Ted Cruz on War & Peace
CRUZ: Well, unfortunately, the approach of the Obama administration to ISIS has been fundamentally unserious. We have dropped a bomb here, a missile there, but it has really been a photo op foreign policy. What we need is a concentrated, directive military objective to take ISIS out. Now, what does that entail? A far more vigorous air campaign than we're seeing. We're dropping a fraction of the ordnance that we have in other campaigns such as Afghanistan.
Q: Do you think it will involve US troops?
CRUZ: Well, there are over 1,500 on the ground right now. But we have a tremendous asset on the ground right now, which is the Kurds, [whom we should arm].
CRUZ: Well, there are over 1,500 on the ground right now. But we have a tremendous asset on the ground right now, which is the Kurds. The Peshmerga have been strong allies of the US. They are effective fighters. And they desperately need weaponry and assistance. And, for whatever reason, the Obama administration has been delaying aiding the Peshmerga, has been running it all through Baghdad, instead of aiding them directly, and has been blocking them from selling oil, which doesn't make sense. And the Obama administration keeps focusing on Syrian rebels, many of whom have far too close ties to radical Islamic terrorists for it to make any sense for us to be supporting them. The Kurds are allies and they are boots on the ground. And when we work with them in concert, they're ready to fight on the front line, along with serious airpower. If it were a military objective to take ISIS out, I think that's what we would be doing.
CRUZ (ON TAPE): What we ought to have is a direct concerted overwhelming air campaign to take them out.
Q (END TAPE): In Iraq and Syria?
CRUZ: The focus should be Iraq, but the real focus should be taking out ISIS. Within Syria, it should not be our objective to try to resolve the civil war in Syria.
Q: You said that the U.S. should bomb ISIS back into the Stone Age. Should that take Congressional approval?
CRUZ: It should absolutely take Congressional approval, I think.
Q (voice-over): But not all Republicans agree. On Friday, Senator Marco Rubio of Florida sent a letter to the White House saying the president doesn't need Congress, he should act swiftly on his own. What advice would you give the president?
CRUZ: I think it is an urgent concern to strike while ISIS is vulnerable.
CRUZ: There's a whole range of activity. President Obama set two straw men: One, invade or two, do nothing. And there's a whole range of intermediate steps. Pres. Obama should have spoken out clearly in support of freedom, in support of the protesters when the protesters began in the Maidan Square. I had the privilege of traveling through the Maidan Square, being led by 16-year-old high school girl who saw her compatriots shot by army snipers And they continue to protest for freedom. America should speak out for freedom. But then after that, we should stand with our allies and not give into Russia. We should, right now, install the anti-ballistic missile batteries in Eastern Europe, in Poland, the Czech Republic, that were scheduled to go in 2009, that Pres. Obama canceled in an effort to appease Putin. That hadn't worked. And we should be using energy as a tool to help liberate the Ukrainian people and to impose costs on Putin.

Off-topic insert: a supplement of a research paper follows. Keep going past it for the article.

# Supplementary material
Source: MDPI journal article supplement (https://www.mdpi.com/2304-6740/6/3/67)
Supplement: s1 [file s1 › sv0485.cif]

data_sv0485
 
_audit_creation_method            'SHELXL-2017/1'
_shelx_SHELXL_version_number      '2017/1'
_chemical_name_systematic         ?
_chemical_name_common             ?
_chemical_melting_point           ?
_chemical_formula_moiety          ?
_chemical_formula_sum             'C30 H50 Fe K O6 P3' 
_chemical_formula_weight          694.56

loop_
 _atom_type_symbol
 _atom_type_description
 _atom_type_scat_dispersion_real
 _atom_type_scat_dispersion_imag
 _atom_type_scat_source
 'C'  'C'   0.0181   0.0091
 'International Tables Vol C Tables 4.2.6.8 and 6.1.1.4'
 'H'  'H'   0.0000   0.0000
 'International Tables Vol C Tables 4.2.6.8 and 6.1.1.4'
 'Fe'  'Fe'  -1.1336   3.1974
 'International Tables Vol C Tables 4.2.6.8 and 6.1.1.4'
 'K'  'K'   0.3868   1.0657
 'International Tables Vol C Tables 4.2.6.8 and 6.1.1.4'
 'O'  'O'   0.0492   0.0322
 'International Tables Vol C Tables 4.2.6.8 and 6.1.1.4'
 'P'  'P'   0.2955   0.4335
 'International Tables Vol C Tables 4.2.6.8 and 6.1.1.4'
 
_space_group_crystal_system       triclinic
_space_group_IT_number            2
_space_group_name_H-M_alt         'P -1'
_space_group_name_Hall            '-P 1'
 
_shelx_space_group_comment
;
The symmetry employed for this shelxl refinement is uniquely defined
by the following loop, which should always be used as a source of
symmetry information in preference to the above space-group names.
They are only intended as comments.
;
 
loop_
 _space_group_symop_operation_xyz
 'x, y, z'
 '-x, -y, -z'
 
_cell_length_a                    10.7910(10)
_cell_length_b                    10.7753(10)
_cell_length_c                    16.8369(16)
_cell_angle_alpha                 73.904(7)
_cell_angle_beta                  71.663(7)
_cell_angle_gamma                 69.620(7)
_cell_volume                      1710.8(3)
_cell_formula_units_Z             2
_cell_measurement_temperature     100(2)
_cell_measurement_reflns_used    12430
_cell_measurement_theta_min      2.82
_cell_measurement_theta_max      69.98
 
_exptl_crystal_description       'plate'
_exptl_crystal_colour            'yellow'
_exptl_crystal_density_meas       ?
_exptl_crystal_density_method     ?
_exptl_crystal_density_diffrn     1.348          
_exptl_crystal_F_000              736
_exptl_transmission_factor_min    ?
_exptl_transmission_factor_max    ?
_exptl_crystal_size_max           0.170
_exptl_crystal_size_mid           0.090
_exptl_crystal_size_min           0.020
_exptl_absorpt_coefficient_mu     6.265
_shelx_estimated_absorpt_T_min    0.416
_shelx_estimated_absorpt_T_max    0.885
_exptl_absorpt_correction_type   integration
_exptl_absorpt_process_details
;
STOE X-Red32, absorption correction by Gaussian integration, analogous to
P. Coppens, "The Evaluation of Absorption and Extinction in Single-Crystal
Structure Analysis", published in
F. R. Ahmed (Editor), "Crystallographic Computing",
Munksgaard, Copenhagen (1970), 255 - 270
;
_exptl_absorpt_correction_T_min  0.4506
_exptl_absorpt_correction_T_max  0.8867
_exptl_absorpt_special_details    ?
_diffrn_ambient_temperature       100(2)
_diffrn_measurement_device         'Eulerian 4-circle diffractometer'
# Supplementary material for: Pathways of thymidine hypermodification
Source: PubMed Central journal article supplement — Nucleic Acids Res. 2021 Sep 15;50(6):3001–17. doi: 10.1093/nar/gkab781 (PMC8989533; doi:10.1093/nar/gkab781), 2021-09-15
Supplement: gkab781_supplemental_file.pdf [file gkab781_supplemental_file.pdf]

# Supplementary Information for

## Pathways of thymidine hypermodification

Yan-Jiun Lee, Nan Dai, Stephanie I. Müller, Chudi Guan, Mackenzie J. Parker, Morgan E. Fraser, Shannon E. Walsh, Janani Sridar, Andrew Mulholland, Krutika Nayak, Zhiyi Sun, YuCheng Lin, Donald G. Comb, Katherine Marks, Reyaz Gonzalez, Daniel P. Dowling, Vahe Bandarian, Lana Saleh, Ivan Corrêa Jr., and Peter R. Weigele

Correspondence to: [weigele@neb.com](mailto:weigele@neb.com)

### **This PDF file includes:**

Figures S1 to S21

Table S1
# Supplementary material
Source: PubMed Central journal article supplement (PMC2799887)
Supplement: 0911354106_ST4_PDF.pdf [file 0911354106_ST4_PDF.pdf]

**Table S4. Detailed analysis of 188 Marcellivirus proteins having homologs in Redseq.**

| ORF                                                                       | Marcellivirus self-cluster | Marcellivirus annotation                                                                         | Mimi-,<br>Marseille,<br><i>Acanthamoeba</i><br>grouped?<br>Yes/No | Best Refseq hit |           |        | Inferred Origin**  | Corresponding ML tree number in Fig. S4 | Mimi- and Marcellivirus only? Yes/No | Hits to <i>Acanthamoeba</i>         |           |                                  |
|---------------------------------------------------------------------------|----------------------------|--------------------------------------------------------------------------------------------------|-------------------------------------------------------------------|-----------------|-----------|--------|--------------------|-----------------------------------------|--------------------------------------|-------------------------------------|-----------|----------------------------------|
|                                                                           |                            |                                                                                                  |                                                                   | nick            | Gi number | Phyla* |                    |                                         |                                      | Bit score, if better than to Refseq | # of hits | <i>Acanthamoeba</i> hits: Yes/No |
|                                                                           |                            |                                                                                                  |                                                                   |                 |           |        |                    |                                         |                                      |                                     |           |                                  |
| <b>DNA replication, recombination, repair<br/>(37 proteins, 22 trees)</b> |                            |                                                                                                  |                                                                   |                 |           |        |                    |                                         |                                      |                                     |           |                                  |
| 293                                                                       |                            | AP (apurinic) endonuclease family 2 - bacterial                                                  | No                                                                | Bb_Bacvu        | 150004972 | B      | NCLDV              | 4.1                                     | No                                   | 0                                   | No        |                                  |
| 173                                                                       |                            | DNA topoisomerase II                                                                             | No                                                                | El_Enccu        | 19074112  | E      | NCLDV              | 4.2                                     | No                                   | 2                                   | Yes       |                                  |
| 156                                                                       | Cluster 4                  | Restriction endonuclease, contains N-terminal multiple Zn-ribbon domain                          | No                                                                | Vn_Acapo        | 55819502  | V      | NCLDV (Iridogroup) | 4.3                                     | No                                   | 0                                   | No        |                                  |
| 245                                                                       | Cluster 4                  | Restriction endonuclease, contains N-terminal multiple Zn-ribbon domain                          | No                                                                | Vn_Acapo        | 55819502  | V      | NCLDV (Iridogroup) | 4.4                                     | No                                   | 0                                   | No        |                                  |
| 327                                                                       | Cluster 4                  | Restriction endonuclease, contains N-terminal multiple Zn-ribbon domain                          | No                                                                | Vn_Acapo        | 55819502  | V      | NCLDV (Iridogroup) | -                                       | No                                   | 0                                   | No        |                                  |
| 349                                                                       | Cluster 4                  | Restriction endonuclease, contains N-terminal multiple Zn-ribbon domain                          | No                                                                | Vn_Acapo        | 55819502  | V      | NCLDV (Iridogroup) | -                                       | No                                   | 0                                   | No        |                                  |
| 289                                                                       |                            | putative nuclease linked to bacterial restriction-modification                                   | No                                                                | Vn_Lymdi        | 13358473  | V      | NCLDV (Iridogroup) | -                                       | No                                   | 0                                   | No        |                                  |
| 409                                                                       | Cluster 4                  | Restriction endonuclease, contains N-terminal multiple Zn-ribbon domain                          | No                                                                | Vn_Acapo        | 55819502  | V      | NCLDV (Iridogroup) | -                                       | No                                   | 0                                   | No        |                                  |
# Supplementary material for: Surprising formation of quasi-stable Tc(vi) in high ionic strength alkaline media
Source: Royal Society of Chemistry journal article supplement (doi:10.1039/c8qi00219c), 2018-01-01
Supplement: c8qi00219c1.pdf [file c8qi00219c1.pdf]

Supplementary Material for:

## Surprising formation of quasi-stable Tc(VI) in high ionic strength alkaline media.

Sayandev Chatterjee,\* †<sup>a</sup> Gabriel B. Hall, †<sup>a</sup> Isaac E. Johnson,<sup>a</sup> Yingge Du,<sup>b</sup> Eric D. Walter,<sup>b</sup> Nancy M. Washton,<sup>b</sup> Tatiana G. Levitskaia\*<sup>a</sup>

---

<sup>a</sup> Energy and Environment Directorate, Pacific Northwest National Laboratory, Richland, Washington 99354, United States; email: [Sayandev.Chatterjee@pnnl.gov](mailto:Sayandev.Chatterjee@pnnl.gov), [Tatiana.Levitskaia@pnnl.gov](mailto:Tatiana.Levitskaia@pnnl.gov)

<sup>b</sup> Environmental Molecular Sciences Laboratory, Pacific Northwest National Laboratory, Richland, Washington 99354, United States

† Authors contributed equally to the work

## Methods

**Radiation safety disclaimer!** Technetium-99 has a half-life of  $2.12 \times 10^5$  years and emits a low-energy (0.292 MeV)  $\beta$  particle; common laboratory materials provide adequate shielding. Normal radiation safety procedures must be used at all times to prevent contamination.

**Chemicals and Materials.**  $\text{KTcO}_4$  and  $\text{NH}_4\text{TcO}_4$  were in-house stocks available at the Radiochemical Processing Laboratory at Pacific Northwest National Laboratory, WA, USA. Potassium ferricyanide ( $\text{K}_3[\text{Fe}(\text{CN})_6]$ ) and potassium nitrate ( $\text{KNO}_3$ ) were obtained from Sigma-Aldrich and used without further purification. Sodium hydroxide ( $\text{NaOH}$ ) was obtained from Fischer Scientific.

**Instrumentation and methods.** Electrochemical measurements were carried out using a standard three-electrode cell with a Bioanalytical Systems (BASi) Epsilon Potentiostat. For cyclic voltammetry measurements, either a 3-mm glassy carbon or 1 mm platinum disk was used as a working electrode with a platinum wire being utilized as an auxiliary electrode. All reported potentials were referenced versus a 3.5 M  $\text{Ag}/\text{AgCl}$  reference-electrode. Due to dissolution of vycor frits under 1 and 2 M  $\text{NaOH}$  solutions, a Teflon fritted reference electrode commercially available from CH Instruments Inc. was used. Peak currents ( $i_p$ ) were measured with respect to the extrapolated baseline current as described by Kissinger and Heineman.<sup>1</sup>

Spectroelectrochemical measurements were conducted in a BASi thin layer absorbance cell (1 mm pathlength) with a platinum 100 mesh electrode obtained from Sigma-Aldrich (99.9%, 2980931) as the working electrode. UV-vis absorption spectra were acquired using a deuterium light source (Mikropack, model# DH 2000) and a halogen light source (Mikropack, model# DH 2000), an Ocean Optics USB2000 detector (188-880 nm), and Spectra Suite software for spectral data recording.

Congressional Summary:Prohibits US-based correspondent accounts or a payable-through accounts by a foreign financial institution that knowingly:
Arguments for and against bill: (New York Times, May 8, 2013): Seeking to escalate pressure on Iran, a bipartisan group of senators introduced legislation that would deny the Iranian government access to its foreign exchange reserves, estimated to be worth as much as $100 billion. The legislation would be the first major new sanction confronting Iran since its inconclusive round of negotiations last month on its disputed nuclear program.
Sponsors of the legislation contend that Iran is not bargaining in good faith while it continues to enrich uranium. Part of the reason, they say, is that Iran has been able to work around the worst effects of the sanctions by tapping its foreign currency reserves overseas, which are largely beyond the reach of current restrictions. "Closing the foreign currency loophole in our sanctions policy is critical in our efforts to prevent Iran from acquiring a nuclear weapons capability," the sponsors said.
Critics said the new legislation risked further alienating Iranians who suspect that the sanctions' true purpose is not to pressure Iran in the nuclear negotiations, but to cause an economic implosion that would lead to regime change. "When we've cemented a sanctions escalation path, we're creating a trajectory toward actual confrontation," said the founder of the National Iranian American Council, a Washington group that opposes sanctions. Some Iranian leaders, he said, see the sanctions "as a train that can only go in one direction and has no brakes."
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